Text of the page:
By Bob Lechel
June 27, 2011
The Senko has been around for over a decade with its seductive shimmy and fall that catches bass no matter the season. Most bass anglers’ top 10 lists for “baits you always have in the boat” include some version of the 4”, 5”, 6” or 7” Senko. About a year ago I was introduced, quite rudely I might add, to one of the less well known Senkos.
Last summer I was fishing a local clear water reservoir during one of the New Mexico Bass Federation Nation qualifiers. The second day of the tournament, I was paired with a local angler who immediately started to put the screws to me from the back of the boat. Not only was he catching more fish than I was, but the quality was much better than mine. Swallowing my pride, I finally asked him what, exactly, he was using. As an avid tournament angler, confidence in what I am doing is paramount to a successful day. If I change my bait or technique every time my partner catches a fish, I will most likely be in for a long day.
In this instance, however, the question was long overdue. I thought he was using a 4” Senko that he had shortened. I was way off. The culprit of my crow eating was the 3” Fat Senko ( 9C series), a short but stout sibling of the Senko family. This Senko, although short in length, has been beefed up in girth, to the point where it looks like it’s been to the buffet line a few too many times and the restaurant manager is now asking it to leave.
To set the stage for this day of “enlightenment”, the fishery was in a transition stage. The yellow perch, one of the primary forage for the resident smallmouth, are typically out deeper this time of year. Instead they were scattered from the bank out to 30 feet. The smallmouths were definitely keyed in on these tasty morsels. My partner employed the 3” Fat Senko on a Tex-posed split shot rig and was letting it free fall to the bottom in all depths. He would check to see if there were any takers on the initial fall. If there weren’t, he would then give the bait three quick jerks off the bottom, letting it free fall back.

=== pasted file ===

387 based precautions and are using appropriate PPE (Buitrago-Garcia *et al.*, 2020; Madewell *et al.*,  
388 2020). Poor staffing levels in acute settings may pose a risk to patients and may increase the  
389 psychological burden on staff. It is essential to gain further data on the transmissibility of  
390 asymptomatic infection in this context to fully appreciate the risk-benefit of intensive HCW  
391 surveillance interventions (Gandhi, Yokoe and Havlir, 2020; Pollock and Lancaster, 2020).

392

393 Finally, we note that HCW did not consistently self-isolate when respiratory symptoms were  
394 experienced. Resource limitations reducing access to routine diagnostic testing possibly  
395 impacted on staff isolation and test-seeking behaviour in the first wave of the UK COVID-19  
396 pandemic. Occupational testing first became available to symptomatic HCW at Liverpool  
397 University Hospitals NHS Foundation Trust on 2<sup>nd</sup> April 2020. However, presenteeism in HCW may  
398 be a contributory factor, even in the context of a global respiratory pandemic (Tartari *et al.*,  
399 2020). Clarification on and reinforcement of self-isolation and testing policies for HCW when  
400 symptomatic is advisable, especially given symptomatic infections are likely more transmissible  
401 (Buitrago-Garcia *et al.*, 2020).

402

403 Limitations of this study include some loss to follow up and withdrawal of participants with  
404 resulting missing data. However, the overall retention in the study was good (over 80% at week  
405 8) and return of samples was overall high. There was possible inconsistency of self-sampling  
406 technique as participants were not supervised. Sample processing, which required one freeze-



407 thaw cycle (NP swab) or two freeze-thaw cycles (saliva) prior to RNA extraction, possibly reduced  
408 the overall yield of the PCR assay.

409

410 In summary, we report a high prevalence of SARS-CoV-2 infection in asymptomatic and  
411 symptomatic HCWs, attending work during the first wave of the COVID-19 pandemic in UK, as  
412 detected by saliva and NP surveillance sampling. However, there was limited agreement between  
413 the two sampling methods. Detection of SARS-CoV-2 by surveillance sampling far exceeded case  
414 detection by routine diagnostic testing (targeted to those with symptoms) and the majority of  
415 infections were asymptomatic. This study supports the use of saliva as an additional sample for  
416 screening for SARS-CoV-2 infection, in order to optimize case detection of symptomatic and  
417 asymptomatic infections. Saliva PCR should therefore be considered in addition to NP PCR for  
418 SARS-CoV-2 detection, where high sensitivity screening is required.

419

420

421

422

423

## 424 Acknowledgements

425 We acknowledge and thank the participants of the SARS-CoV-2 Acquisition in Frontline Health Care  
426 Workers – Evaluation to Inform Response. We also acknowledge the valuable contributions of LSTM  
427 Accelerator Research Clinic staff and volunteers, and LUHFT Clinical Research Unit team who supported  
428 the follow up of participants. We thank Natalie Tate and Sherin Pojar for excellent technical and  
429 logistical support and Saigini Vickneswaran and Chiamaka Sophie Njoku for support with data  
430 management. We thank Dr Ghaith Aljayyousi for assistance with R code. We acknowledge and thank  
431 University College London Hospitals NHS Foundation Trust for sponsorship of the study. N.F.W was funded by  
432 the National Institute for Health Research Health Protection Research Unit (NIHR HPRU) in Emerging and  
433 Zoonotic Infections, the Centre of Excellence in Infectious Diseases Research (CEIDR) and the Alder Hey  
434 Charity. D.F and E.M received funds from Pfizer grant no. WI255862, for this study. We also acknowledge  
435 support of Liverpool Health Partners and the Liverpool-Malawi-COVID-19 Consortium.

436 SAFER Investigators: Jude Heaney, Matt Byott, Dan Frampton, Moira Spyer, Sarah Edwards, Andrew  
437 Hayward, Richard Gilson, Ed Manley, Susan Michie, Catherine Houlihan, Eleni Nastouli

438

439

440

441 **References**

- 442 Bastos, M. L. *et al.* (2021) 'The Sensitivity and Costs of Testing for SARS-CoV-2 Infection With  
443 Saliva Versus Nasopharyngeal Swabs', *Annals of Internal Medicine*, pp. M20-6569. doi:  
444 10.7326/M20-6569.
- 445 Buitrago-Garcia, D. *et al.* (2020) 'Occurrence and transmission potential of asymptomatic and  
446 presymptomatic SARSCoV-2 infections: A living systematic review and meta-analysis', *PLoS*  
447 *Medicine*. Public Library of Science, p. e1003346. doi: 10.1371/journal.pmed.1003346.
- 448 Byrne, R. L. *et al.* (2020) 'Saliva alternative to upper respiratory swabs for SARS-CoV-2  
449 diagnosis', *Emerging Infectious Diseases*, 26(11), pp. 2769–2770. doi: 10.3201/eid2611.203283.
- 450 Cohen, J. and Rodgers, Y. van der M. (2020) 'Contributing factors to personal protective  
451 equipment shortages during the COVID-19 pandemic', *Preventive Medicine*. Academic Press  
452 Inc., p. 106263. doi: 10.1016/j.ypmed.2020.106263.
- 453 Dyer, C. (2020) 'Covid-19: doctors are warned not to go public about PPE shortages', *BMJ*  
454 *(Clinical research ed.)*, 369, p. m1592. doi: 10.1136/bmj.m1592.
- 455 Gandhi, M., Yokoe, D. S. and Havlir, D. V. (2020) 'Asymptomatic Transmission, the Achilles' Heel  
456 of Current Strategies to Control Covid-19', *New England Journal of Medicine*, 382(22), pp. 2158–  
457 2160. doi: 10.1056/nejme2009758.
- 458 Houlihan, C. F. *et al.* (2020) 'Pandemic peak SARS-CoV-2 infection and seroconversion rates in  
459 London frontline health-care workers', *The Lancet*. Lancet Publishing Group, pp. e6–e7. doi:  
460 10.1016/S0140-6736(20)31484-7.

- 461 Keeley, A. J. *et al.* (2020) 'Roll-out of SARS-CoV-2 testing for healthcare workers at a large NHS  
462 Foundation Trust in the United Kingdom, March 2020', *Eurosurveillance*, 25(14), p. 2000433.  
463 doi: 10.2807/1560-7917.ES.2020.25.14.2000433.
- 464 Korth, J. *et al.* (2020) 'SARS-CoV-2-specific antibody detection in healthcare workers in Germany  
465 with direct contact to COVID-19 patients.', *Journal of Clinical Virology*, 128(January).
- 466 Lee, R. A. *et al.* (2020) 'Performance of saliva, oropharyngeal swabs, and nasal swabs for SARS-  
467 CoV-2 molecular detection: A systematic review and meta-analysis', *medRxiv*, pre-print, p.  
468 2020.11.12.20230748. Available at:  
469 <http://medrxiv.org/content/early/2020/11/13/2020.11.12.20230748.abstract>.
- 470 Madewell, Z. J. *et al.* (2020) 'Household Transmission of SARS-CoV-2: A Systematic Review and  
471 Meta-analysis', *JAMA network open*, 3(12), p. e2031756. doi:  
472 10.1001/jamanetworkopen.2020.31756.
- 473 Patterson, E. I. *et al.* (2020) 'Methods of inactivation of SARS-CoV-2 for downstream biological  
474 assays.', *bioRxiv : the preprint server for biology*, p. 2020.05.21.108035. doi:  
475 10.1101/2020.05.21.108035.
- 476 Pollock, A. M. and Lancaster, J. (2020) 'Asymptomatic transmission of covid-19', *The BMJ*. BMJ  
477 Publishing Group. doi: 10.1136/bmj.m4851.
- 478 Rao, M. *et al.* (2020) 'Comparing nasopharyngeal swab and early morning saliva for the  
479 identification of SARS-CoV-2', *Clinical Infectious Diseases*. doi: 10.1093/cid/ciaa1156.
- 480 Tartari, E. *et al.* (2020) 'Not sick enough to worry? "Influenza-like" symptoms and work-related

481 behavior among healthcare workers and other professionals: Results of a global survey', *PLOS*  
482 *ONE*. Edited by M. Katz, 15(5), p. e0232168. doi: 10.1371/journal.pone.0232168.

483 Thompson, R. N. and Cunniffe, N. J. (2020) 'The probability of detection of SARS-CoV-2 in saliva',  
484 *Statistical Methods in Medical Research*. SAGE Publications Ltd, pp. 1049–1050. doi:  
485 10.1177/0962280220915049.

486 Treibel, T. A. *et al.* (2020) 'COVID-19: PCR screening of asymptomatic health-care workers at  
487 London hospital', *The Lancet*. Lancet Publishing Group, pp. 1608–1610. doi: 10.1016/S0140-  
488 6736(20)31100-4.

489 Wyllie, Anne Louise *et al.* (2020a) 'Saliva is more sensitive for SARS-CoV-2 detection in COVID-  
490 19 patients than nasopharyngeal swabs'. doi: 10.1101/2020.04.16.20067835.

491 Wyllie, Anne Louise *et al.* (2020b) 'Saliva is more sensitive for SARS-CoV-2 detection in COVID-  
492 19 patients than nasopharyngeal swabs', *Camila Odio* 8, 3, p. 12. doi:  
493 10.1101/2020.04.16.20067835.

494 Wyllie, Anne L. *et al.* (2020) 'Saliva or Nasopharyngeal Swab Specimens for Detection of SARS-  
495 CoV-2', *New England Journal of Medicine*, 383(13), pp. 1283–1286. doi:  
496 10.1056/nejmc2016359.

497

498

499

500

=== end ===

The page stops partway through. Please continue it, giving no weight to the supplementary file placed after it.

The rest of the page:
This technique was out-producing my drop shot rig 3 to 1 and the quality of the fish was much better. I finally switched to a 4” Senko on a split shot rig, but it still didn’t produce like the 3” Fat Senko. The shorter/fatter profile was definitely what the fish wanted. I had a tournament on the same lake about two weeks later, so I promptly got some 3” Fat Senkos on order. The split shot rig technique really didn’t produce as the perch finally moved out deeper and schooled up during this event. The drop shot rig was the key at this tournament. This technique produced the majority of our fish.
The 3” Fat Senko can be rigged weightless (Texas, Tex-posed, or wacky) on a split shot rig or on the drop shot rig. I normally don’t have the patience for the weightless technique with a bait this small, so I tend to go with the drop shot. I like to use 8lb fluorocarbon with a 7’ medium or medium light action (ML for the split shot rig) fast action St Croix Legend Extreme rod. We rigged the split shot rig Tex-posed as there were numerous trees and salt cedars in the areas we were fishing.
For the Tex-posed split shot rig you will a need a 1/0 or 2/0 extra wide gap hook to make sure you have enough clearance for the chunky bait to drop away from the hook and get good penetration when the fish strikes. I normally nose hook this bait while drop shotting. I usually use a hook such as the Gamakatsu finesse wide gap or drop shot/split shot hooks.
Before that fateful day last summer, highlighted by me netting a lot of quality fish for my non-boater, I was completely oblivious to the effectiveness of the 3” Fat Senko. It’s now a part of my finesse arsenal and will “always be in the boat” for those tough bite situations.